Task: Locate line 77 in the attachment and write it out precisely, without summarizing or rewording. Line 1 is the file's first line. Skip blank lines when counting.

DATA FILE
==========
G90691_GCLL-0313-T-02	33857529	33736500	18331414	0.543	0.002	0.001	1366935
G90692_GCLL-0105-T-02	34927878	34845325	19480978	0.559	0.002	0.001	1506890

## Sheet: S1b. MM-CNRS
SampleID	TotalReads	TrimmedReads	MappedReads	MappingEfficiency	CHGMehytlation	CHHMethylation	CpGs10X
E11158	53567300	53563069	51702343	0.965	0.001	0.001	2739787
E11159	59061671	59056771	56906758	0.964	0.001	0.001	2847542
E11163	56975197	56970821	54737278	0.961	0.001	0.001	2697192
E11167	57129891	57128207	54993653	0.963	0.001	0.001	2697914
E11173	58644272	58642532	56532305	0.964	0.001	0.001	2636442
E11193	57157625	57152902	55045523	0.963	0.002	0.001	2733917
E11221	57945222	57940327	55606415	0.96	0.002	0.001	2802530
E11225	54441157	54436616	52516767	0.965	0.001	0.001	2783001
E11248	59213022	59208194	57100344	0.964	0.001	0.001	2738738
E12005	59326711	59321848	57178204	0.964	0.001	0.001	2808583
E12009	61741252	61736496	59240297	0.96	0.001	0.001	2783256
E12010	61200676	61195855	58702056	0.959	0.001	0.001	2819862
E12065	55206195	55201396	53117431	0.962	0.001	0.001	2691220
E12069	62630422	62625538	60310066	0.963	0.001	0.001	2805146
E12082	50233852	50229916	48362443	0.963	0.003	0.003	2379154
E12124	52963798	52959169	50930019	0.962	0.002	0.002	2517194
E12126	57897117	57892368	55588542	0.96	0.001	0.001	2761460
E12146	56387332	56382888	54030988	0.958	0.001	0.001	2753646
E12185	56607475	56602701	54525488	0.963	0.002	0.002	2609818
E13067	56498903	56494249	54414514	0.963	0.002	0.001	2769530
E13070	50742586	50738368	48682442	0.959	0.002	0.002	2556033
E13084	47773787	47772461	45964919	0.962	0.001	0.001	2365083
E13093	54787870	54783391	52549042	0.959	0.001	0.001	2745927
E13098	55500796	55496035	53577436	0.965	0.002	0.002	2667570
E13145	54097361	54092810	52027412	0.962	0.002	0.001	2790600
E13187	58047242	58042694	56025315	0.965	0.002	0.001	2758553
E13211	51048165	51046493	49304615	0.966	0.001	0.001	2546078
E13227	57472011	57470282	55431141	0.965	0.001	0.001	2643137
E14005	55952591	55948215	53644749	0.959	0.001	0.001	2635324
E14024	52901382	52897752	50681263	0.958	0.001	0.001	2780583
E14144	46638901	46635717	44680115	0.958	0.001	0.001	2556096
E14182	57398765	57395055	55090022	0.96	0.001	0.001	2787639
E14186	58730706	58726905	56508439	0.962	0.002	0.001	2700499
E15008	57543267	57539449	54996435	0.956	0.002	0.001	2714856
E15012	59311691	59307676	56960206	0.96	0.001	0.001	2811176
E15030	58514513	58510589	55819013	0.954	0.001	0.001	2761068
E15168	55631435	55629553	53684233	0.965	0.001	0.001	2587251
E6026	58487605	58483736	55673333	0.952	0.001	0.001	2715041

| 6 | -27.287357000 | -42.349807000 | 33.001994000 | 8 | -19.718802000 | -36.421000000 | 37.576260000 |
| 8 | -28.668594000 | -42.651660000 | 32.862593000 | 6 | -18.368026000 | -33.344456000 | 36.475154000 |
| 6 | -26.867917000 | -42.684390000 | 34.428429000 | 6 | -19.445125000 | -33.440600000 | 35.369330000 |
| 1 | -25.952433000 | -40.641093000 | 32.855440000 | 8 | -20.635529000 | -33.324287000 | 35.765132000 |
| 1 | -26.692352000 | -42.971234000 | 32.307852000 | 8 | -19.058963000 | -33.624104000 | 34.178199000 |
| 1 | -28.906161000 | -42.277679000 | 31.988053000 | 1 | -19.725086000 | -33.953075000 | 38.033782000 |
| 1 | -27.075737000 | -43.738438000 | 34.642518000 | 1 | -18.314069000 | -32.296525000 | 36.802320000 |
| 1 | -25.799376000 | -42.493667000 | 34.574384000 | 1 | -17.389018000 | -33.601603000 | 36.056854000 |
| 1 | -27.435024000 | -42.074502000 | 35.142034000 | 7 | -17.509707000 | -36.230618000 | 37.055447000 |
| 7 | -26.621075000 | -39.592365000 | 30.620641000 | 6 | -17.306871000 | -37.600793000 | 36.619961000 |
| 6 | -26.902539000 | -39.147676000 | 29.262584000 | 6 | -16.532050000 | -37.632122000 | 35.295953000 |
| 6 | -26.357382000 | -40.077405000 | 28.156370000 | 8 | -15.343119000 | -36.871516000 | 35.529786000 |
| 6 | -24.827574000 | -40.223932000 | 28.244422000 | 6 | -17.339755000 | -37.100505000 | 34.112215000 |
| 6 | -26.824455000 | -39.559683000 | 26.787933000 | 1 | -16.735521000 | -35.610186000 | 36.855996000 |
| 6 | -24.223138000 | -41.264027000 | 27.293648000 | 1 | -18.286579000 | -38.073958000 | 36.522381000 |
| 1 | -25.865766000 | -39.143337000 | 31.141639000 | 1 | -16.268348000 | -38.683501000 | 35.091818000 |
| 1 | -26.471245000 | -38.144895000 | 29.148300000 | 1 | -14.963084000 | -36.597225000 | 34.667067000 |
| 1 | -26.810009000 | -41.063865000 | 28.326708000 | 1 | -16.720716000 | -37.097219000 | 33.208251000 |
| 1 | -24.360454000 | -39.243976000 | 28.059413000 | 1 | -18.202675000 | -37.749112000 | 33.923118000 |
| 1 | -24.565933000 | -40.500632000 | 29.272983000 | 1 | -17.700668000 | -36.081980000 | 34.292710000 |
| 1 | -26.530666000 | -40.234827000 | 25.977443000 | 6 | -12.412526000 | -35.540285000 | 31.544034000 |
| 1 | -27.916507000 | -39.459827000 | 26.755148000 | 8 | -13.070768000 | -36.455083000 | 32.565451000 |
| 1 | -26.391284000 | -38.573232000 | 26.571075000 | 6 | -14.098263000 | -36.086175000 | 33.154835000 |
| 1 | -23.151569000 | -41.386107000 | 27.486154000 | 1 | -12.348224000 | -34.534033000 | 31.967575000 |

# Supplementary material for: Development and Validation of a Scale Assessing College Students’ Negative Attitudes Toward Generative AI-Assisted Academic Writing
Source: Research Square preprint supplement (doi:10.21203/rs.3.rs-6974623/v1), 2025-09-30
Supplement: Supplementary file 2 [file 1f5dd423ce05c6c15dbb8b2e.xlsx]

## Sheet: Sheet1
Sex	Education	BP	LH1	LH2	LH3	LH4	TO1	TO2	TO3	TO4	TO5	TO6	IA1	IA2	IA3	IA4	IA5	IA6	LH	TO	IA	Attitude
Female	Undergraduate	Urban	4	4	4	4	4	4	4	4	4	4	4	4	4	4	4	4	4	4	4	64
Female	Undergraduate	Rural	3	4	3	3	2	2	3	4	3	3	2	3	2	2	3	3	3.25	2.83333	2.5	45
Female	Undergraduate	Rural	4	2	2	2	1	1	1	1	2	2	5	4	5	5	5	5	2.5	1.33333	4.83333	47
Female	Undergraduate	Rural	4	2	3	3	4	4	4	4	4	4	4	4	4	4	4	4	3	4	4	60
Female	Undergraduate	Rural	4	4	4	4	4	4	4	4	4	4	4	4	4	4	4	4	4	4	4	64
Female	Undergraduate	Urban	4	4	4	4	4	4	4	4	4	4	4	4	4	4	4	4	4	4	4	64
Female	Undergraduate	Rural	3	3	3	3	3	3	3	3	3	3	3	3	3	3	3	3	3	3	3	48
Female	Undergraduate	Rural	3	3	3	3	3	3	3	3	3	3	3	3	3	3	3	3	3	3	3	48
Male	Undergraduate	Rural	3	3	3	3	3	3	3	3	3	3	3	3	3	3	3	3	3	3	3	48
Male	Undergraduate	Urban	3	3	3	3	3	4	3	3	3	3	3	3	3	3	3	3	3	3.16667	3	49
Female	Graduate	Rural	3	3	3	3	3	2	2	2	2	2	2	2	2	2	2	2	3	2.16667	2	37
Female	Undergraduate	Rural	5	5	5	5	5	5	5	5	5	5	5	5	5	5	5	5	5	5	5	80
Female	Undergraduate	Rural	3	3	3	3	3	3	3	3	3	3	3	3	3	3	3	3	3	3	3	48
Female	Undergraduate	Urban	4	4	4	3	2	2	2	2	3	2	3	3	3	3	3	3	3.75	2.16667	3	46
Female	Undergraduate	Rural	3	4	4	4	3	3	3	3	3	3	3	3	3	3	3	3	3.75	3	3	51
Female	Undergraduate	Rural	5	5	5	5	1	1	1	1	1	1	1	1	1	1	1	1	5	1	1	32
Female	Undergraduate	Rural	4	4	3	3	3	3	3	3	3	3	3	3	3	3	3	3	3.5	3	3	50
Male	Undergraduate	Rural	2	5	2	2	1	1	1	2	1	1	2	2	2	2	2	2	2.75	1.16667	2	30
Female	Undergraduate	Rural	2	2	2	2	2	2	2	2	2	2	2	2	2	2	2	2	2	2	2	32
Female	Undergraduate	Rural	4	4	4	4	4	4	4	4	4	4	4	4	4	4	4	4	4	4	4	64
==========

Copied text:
Female	Undergraduate	Urban	4	4	4	4	4	4	4	4	4	4	4	4	4	4	4	4	4	4	4	64